Writing across Culture and Language: Inclusive Strategies for Working with ELL Writers in the ELA Classroom
by Christina Ortmeier-Hooper
National Council of Teachers of English (November 6, 2017)
Imagine being asked to write an essay in a language you don't know well or at all, to have to express yourself — your knowledge and analysis — grammatically and clearly in, say, three to five pages. How is your Spanish, your Urdu, your Hmong?
This is what teachers ask their ELL and multilingual students to do every day in middle and high school, especially in English classes, leading to expectations both too great and too small. Teachers often resort to worksheets and grammar drills that don't produce good writing or allow these students to tap in to their first language assets and strengths. Writing well is a primary door-opener to success in secondary school, college, and the workplace; it's also the most difficult language skill to master. Add writing in a second language to the mix, and the task difficulty is magnified.
In "Writing across Culture and Language," Christina Ortmeier-Hooper challenges deficit models of ELL and multilingual writers and offers techniques to help teachers identify their students' strengths and develop inclusive research-based writing practices that are helpful to all students. Her approach, aligned with specific writing instruction recommendations outlined in the NCTE Position Paper on the Role of English Teachers in Educating English Language Learners (ELLs), connects theory to classroom application, with a focus on writing instruction, response, and assessment for ELL and multilingual students. Through rich examples of these writers and their writing practices, along with "best practices" input from classroom teachers, this book provides accessible explanations of second language writing theory and pedagogy in teacher-friendly language, concrete suggestions for the classroom, guiding questions to support discussion, and an annotated list of resources.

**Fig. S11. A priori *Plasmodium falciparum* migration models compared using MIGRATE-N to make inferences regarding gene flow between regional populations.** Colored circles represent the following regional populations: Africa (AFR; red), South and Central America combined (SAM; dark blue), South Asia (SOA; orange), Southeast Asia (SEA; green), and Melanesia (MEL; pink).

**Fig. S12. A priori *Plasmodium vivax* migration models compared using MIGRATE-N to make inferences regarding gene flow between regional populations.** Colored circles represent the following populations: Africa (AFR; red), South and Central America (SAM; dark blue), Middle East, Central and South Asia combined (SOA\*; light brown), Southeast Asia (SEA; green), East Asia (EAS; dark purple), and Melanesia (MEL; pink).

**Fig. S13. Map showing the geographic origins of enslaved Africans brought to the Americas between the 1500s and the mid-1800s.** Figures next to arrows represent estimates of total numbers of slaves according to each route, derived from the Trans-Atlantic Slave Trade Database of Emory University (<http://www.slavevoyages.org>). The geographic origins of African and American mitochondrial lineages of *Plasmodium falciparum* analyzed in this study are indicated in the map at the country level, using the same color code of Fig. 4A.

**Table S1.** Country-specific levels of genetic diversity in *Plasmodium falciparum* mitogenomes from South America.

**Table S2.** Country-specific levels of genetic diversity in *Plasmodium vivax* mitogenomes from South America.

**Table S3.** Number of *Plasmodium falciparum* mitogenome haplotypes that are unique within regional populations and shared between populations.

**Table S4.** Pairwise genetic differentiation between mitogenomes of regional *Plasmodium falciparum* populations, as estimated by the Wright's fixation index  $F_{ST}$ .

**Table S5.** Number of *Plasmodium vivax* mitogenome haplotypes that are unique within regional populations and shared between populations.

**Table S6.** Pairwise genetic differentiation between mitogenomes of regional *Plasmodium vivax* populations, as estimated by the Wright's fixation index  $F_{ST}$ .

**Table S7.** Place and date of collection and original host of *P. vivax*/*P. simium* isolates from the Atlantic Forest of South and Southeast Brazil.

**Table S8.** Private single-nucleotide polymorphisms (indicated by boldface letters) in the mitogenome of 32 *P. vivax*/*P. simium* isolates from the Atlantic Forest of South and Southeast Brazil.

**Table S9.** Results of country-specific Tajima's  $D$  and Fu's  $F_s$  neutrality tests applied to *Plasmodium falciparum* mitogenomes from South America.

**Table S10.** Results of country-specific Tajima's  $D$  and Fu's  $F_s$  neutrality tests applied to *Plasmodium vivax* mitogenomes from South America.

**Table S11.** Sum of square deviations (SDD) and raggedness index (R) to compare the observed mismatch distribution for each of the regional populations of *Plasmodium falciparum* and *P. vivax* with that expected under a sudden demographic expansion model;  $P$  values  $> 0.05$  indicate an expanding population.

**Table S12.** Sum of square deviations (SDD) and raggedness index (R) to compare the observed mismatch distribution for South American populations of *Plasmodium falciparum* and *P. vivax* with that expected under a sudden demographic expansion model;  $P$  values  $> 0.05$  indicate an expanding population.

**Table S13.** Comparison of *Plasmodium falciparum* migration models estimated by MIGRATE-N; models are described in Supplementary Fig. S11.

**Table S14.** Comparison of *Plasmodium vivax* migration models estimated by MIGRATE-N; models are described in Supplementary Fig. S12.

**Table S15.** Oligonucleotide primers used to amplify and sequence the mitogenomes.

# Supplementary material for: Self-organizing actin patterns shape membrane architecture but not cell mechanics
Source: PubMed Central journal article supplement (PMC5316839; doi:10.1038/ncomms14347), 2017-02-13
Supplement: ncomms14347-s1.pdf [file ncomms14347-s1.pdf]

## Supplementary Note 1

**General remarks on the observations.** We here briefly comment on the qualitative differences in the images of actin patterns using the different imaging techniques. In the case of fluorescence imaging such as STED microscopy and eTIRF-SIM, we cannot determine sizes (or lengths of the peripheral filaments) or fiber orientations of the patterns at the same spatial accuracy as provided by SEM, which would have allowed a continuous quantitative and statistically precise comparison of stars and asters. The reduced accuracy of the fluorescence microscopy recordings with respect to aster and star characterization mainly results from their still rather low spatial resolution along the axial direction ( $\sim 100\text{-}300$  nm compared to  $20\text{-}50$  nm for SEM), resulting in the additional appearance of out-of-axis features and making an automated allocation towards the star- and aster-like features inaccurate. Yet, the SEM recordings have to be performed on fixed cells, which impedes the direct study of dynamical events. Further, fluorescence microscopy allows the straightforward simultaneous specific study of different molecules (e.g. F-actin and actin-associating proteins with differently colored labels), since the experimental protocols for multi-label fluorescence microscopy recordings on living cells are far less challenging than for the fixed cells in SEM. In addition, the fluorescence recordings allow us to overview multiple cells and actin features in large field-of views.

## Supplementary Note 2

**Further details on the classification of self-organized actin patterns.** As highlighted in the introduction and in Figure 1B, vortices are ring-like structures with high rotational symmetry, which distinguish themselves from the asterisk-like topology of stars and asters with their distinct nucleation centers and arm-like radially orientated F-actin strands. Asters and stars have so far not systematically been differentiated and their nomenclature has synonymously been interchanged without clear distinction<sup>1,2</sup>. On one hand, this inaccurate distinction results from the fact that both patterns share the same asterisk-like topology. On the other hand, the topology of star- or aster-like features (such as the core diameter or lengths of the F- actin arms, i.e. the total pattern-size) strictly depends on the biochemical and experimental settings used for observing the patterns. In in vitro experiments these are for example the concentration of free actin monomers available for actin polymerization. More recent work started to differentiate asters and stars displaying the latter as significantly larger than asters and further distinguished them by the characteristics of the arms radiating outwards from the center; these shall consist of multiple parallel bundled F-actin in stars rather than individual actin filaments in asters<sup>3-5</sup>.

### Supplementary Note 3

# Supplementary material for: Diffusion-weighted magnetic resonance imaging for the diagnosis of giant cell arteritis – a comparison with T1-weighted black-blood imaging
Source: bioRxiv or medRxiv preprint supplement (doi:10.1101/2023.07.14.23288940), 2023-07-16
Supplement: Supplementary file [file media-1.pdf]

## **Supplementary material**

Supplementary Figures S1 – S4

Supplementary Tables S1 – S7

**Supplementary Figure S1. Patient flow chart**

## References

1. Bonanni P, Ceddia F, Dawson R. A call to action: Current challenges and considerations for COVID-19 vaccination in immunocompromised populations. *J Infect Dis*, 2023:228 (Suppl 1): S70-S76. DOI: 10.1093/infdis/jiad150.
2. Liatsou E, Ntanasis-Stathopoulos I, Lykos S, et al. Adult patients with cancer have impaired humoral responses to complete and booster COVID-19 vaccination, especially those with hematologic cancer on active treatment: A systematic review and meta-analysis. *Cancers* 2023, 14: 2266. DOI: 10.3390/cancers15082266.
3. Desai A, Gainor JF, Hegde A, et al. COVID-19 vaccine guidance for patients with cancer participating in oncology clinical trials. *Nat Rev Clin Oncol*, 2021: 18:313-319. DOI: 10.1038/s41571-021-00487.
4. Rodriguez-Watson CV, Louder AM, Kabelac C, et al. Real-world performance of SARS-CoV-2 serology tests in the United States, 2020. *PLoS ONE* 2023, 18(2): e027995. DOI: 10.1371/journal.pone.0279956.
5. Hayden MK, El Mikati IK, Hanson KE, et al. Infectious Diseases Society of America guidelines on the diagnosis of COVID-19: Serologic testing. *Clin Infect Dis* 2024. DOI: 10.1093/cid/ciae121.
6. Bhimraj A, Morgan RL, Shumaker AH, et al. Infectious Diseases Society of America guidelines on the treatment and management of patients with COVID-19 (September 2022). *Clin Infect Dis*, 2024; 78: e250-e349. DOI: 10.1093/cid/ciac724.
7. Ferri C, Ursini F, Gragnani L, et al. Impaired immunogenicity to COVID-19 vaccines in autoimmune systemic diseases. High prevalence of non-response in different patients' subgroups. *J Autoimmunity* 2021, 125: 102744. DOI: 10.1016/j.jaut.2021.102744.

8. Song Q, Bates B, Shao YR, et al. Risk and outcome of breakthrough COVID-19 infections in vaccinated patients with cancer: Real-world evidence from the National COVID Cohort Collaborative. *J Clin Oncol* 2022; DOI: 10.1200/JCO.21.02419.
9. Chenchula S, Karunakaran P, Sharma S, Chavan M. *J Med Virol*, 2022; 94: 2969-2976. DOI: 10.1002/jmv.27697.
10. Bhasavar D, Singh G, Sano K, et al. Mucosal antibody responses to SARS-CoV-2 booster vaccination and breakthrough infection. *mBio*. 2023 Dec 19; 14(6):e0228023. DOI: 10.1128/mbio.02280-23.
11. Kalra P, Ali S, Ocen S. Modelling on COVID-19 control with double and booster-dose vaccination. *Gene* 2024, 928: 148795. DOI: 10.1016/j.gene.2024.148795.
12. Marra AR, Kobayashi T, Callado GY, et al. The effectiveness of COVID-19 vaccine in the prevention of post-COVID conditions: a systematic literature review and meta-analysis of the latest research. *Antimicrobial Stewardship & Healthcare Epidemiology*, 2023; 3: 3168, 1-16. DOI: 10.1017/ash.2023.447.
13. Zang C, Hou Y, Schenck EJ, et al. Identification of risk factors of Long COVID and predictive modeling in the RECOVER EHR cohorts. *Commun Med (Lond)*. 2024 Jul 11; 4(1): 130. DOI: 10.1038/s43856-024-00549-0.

War Culture Series Rutgers University Press (March 1, 2017)
Whether presented as exotic fantasy, a strategic location during World War II, or a site combining postwar leisure with military culture, Hawaii and the South Pacific figure prominently in the U.S. national imagination. "Hollywood's Hawaii" is the first full-length study of the film industry's intense engagement with the Pacific region from 1898 to the present.
Delia Malia Caparoso Konzett highlights films that mirror the cultural and political climate of the country over more than a century — from the era of U.S. imperialism on through Jim Crow racial segregation, the attack on Pearl Harbor and WWII, the civil rights movement, the contemporary articulation of consumer and leisure culture, as well as the buildup of the modern military industrial complex. Focusing on important cultural questions pertaining to race, nationhood and war, Konzett offers a unique view of Hollywood film history produced about the national periphery for mainland U.S. audiences. "Hollywood's Hawaii" presents a history of cinema that examines Hawaii and the Pacific and its representations in film in the context of colonialism, war, Orientalism, occupation, military buildup and entertainment.